Rose & Jenna: The Balancing Act

You’ve all been there. You work all day, come home and by the time you’ve gotten almost everything done on your checklist, it’s time for sleep. You wake up and repeat the same thing over again. After four or five days of this, you’re completely exhausted. What happened to the week? …. And what happened to the year?

Along with being a working professional comes a speediness to life. Everything is due ASAP. Everyone needs you right NOW. You barely have a moment to be mindful and collect yourself — so how do you balance your time effectively?

We don’t have it down. Our lives are anything but perfect when it comes to time management. But we’ve learned some tricks along the way, and we want to start sharing those with you. That’s why we’re starting this new feature called “The Balancing Act.” Each Friday, we’ll talk about work-life balance through a short Q&A. After all, that’s why we started this blog. Please share in the comments.


Q. How do you manage your time? What tricks or tips do you use to “get it all done?”

Jenna: I try to manage my time but making a list of everything that needs to get done, and then putting it in order. After that, I assign deadlines and spread it out on a monthly view calendar. My planner is my go-to. Mostly, I use the whole month view which helps me manage all my obligations outside of work. For work, I utilize Outlook which syncs to my phone and color code meetings, working time, and personal appointments.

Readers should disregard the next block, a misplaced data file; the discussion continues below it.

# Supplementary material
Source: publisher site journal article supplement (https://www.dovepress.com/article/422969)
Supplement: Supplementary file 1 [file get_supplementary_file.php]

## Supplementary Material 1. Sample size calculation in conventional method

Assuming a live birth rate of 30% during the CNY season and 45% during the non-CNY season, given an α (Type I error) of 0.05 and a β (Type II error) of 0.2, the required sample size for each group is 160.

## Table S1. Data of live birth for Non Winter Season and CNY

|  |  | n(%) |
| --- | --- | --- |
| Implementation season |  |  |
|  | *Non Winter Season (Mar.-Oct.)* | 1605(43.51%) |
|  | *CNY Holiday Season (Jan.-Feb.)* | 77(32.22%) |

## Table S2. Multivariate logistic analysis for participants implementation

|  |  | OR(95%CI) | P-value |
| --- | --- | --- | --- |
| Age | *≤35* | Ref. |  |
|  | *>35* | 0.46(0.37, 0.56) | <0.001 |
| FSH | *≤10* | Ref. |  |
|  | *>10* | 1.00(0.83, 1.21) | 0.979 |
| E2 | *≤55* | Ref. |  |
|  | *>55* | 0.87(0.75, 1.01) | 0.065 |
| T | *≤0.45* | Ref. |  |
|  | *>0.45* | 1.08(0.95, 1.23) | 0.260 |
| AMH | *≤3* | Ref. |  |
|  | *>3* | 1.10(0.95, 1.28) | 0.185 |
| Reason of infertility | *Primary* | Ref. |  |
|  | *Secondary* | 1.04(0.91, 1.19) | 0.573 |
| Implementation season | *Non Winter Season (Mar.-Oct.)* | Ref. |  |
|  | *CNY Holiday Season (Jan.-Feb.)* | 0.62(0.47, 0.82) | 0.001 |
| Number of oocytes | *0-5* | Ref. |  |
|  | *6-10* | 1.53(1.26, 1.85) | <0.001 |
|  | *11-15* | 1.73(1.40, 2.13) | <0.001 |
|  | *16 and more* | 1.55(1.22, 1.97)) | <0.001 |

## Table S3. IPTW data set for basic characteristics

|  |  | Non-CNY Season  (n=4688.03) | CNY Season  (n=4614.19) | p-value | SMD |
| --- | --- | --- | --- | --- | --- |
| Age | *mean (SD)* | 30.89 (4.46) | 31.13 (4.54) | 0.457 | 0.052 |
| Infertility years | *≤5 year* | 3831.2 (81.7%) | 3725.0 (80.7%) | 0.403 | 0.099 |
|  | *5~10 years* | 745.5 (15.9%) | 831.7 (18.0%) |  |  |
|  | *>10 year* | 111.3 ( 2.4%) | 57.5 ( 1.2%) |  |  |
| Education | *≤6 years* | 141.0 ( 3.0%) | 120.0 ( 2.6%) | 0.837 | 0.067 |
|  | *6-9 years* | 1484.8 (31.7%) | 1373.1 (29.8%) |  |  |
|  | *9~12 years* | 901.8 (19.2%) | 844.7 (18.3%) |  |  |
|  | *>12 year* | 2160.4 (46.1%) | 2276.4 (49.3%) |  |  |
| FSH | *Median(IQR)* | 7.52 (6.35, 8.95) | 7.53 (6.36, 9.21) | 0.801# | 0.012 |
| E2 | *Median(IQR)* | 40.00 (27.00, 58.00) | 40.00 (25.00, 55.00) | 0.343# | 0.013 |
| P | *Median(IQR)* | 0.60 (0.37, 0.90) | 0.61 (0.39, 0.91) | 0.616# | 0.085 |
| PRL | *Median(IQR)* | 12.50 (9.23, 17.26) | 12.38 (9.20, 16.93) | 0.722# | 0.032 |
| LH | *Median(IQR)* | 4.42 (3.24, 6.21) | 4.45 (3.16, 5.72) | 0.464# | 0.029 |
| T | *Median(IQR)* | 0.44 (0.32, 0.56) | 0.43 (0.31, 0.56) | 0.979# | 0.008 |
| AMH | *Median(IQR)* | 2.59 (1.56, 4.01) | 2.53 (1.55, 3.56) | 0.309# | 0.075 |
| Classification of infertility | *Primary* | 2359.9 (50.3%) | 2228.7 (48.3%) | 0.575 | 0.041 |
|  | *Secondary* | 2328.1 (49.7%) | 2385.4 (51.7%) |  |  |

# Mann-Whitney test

Rose: The first tip — I never expect to get it all done. That usually doesn’t happen. So, I decide what I can do in a given week, and I write it all out on my Erin Condren planner. I use this book for my health coaching biz, but I also add appointments throughout the day — both work and personal. There is a monthly view, too, which is good longer-term goals. Beside this journal I keep a notepad. Throughout the day I jot down personal things I need to accomplish like “Buy a gift for Aurora” or “Email Mom.” Having it on a list means I’ll do it that day. It also means I can go down the list on my lunch break and get it all done. As far as work stuff, Outlook is my savior. I save emails in my INBOX that need to be addressed. I also have an IN PROGRESS folder with all of the stories I’m working on during a given month.

Q. Do you have a process when it comes to deciding what to do now versus what to accomplish later?

Jenna: For work, that is usually dictated by the business needs and asks from my boss. For personal, it is all about priorities. Very rarely do personal activities assign you a “deadline” but I like to make my own. For example, if I want to get 4 things accomplished over the next week, I start back-filling my calendar to be sure everything gets accomplished. I also write reminders for steps like “buy tickets for that concert” so I get it on the calendar and have a plan.

Rose: I’m with Jenna. At work, this is usually dictated by my boss, and we have a loose editorial calendar. In terms of personal priorities — like running a challenge group or helping out with the lit journal I co-run — I look at what I need to accomplish in a month and then break those tasks down week-by-week.I have regularly scheduled hours for my hobbies, which sounds crazy, but really helps me to get things done in a timely manner.

Q. How do you say “no” to free up more time in your life for other things?